STANDARD APPROACH TO PERFORM POWER SYSTEM STABILITY STUDIES IN OIL AND GAS PLANTS
By, JJ Dai & Richard Dourian

© All Rights Reserved

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STANDARD APPROACH TO PERFORM POWER SYSTEM STABILITY STUDIES IN OIL AND GAS PLANTS
By, JJ Dai & Richard Dourian

© All Rights Reserved

- electrical machines
- 3 Phase Induction Motors Objective Questions With Answers
- Generator Protection
- Synchronous Motor
- Generator
- Construction of Syn Generator
- Chapter 3_induction Motor Cont
- Ac gen2
- A Practical Guide to Free Energy
- Generac Manual
- Getec Hydr. Welder Manual Hw225
- EE2302
- PMSM Drives 2
- Unit2&3-
- TechRef_SynchronousMachine
- 17.pdf
- Rotating Machines.pdf
- Electrical machines 2 notes
- Generac 75d Service
- AC MOTORS

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Copyright Material PCIC Europe

Paper No. PCIC EUR19_04

Oil & Gas Solutions, Eaton Corporation CYME Software, Eaton Corporation

15375 Barranca Pkwy, Suite C-10 1485 Roberval, Suite 104

Irvine, CA 92618 St. Bruno QC J3V 3P8

USA Canada

Abstract – Many large Oil and Gas plants have installed and improve system reliability. The extra heat and steam

cogeneration or gas and steam generators to increase from the processes are moved to a cogeneration facility,

efficiency, reduce electricity cost, and improve system where the heat and steam are used to generate electricity.

reliability. Adding synchronous generators to a power The electricity generated by cogeneration can be supplied

system tremendously increases system complexity and to the facility or is exported to the electric grid. The process

brings in stability concerns. Power system stability requires is depicted in Fig. 1.

all synchronous machines in an interconnected electrical

system to remain in synchronism; otherwise the generators

will become unstable or lose stability, which can quickly

propagate across the entire network to cause system-wide

shut down. Following IEEE recommended practice and

authors’ extensive experience in modeling power system

dynamics and conducting studies, this paper addresses

approaches and procedures to perform transient stability

study and helps engineers to understand required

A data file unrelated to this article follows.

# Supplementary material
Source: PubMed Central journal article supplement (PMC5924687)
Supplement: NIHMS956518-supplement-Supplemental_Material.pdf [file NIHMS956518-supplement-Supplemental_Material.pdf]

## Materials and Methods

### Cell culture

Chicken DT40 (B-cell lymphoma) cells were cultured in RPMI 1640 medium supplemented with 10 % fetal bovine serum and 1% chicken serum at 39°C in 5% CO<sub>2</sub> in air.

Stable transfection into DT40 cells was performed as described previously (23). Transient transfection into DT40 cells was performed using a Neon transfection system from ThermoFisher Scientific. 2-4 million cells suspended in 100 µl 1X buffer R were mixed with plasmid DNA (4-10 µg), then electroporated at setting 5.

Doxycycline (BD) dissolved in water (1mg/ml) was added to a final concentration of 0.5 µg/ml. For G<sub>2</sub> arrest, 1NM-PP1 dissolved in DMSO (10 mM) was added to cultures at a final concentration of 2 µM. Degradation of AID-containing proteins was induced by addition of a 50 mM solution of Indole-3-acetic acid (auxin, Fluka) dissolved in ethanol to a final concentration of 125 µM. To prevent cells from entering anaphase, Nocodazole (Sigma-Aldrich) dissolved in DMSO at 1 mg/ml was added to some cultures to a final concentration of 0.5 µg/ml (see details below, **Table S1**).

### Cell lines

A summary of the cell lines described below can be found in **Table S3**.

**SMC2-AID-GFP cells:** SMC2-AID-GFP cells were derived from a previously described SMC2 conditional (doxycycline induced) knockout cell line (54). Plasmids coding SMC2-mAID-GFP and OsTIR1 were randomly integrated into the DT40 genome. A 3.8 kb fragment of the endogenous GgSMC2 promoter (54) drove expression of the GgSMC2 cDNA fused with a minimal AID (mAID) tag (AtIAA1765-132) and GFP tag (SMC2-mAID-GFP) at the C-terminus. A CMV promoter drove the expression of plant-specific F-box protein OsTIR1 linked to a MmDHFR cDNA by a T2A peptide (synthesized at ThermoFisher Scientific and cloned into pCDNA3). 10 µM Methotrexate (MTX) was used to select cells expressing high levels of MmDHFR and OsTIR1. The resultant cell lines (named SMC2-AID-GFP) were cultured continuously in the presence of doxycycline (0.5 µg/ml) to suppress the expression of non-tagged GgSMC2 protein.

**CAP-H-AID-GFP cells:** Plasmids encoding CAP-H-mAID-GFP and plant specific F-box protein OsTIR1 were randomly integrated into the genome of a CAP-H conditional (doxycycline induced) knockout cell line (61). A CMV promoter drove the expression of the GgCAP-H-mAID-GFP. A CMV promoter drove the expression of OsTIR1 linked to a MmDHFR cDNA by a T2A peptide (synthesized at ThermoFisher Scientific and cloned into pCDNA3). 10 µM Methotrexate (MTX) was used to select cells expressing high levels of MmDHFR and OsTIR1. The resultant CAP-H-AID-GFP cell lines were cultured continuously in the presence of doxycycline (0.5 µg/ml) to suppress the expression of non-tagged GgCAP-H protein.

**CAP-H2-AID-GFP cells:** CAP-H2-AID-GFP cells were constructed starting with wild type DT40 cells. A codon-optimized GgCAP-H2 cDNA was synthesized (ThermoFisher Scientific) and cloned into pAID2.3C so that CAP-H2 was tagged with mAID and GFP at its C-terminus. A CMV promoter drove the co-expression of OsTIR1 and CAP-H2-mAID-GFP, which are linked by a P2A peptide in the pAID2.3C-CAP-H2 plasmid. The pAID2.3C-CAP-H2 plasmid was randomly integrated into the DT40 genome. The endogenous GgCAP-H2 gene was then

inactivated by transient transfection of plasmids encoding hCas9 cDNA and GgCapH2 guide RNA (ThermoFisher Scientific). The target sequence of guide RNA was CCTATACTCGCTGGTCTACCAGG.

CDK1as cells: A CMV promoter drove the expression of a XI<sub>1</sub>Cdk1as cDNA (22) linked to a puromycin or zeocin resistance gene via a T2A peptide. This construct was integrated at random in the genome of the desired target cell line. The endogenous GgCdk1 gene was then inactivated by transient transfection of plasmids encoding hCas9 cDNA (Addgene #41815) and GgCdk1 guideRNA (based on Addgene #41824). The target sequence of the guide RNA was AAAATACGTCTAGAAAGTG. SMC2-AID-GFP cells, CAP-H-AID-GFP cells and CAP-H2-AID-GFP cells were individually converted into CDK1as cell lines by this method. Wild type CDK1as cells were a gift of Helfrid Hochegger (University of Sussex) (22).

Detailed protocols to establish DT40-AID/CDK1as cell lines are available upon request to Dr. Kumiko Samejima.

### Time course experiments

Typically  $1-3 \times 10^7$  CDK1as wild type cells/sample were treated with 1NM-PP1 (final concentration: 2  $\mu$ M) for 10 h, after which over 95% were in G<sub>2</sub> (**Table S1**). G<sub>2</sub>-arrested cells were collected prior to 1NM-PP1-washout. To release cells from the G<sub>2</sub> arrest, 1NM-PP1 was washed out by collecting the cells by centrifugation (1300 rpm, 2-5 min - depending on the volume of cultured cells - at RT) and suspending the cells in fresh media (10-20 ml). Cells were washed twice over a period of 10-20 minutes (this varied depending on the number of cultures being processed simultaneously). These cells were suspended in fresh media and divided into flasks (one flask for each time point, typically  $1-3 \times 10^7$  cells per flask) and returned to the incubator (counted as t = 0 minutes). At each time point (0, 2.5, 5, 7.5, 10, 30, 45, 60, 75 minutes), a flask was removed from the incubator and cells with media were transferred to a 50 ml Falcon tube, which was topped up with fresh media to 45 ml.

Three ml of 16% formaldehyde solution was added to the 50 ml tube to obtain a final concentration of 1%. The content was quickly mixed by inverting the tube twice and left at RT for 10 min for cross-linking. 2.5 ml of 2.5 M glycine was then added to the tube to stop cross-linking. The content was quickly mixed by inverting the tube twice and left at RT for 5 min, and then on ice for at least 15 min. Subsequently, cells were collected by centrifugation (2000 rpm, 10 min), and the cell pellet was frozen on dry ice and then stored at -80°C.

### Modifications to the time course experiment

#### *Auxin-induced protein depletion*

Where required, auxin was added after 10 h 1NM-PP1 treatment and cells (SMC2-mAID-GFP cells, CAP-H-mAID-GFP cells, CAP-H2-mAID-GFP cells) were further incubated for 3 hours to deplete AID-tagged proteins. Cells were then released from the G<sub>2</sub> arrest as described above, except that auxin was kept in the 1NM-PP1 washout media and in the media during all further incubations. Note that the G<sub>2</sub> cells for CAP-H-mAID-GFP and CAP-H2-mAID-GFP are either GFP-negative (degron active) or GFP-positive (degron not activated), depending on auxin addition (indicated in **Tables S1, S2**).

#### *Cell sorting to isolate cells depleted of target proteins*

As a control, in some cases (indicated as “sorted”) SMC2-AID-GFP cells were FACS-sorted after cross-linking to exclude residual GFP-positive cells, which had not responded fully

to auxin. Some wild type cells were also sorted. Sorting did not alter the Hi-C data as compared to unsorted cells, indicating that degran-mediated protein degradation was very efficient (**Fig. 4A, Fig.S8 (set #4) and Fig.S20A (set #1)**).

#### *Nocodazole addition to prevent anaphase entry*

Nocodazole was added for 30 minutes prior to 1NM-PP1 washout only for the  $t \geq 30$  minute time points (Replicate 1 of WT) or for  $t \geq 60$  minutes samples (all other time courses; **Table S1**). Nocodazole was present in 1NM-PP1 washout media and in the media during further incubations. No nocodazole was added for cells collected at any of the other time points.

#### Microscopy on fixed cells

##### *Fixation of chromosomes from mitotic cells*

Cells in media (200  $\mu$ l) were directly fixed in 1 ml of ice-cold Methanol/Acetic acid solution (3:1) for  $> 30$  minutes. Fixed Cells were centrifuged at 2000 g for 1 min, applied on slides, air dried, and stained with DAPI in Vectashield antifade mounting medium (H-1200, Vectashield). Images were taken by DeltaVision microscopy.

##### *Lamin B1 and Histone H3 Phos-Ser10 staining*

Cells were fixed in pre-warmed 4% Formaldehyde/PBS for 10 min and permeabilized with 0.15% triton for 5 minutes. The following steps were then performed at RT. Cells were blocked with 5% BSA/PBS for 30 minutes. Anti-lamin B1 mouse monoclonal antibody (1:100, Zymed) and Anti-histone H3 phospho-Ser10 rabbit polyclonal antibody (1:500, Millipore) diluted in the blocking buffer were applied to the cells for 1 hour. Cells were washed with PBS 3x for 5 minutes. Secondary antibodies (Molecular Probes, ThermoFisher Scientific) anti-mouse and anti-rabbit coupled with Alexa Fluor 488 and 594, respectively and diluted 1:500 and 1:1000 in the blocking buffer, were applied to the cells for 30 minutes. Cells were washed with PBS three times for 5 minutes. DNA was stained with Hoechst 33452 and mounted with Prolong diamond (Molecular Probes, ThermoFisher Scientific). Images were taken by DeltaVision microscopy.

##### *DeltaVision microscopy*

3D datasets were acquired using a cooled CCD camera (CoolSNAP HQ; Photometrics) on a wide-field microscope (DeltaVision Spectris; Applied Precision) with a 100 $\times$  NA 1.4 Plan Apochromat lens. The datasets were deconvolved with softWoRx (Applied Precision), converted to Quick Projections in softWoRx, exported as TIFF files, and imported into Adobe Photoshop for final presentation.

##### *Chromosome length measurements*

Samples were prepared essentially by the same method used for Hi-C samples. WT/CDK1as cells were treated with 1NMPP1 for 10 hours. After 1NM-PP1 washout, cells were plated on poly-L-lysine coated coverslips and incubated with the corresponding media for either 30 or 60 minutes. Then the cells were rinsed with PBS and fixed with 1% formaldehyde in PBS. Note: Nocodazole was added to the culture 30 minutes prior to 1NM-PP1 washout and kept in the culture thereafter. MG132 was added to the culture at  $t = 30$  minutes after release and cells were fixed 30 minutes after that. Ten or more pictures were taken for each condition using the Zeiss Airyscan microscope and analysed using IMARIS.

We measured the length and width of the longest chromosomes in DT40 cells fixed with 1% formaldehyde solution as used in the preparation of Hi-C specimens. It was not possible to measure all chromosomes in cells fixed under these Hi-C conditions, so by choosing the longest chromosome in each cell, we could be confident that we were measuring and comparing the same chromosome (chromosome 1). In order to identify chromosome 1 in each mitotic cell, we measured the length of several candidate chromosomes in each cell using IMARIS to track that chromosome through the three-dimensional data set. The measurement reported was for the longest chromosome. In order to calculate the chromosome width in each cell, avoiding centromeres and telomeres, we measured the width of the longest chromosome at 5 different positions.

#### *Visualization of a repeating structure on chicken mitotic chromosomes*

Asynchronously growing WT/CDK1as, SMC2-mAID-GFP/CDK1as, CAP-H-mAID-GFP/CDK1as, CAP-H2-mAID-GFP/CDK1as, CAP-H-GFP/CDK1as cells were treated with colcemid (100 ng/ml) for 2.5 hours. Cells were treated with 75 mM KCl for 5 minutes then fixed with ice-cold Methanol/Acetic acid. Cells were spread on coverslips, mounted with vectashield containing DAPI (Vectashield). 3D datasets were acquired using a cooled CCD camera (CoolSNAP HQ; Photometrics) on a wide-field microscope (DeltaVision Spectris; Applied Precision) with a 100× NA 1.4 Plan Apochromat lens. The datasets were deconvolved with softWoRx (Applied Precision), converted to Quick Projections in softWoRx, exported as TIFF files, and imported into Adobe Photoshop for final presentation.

protections and operations to ensure stable operation of Fig. 1 Co-generation

the system. Relevant IEEE standards and task force

reports and important literatures in the area are referenced B. On-site Generation

in the paper.

To increase plant electrical system reliability, generators

Index Terms — Industrial power systems, Power system can be installed onsite to protect islanding operation in

analysis and computing, Power system control, Power case of a grid outage. In that case, onsite generators can

system dynamics, Power system protection, Power system continue to provide power to the plant loads to maintain the

stability. operation. The configuration of an onsite generation in

parallel with electric grid is shown in Fig. 2.

I. INTRODUCTION

facilities have installed local generation, large synchronous

motors, or both. The role of maintaining system stability

with co-generation and other on-site generation is an area

of interest and challenge in a power system. When a

cogeneration plant or a system with on-site generation is

connected to the grid, it changes the system configuration

and operating conditions are fundamentally changed. This

situation may result instability problems both in the plant Fig. 2 Onsite generation

and the connected utility. Computer modeling and

systematic studies thus are required to identify the source C. Stability Issues

of the problems and develop possible mitigation measures.

This paper discusses fundamentals to transient stability Adding synchronous generators to a power system

issues in industrial systems, reviews relevant IEEE tremendously increases system complexity and brings in

standards for power system dynamic modeling involving synchronous generator stability concerns.

synchronous generators and controls, and provides The power system requires all synchronous machines

standard procedure to model and perform transient stability (including generators, motors, and condensers) in an

studies in oil and gas plants. A system modeling and study interconnected electrical system to remain in synchronism;

example using an industry accepted computer software is otherwise the system will become unstable, or lose stability

presented to illustrate the described procedures. -continuous synchronous machine rotor angle acceleration

or deceleration causing electrical quantities such as

A. Cogeneration voltage and current, active and reactive power continuous

or magnified oscillations. Loss of synchronism can occur

Many large industrial plants install cogeneration between one machine and the rest of the system, or

(combined heat and power (CHP)), or gas and steam between groups of machines, possibly with synchronism

generators to increase efficiency, reduce electricity cost, maintained within each group after separating from each

other. The unstable phenomena can propagate quickly to have to be detailed enough to include time constants in the

across the entire electrical network and trigger similar same range as the time frames suggested by Fig. 4 in order

oscillations to other synchronous machines. to be able to simulate and represent sufficient dynamics of

The consequences of losing system stability are very the real world. From transient the stability study point of

severe including forcing tripping of unstable generators, view, models and dynamics should cover time frames of

disconnecting tie lines and transmission/distribution lines, Transient Stability and Governor and Load Frequency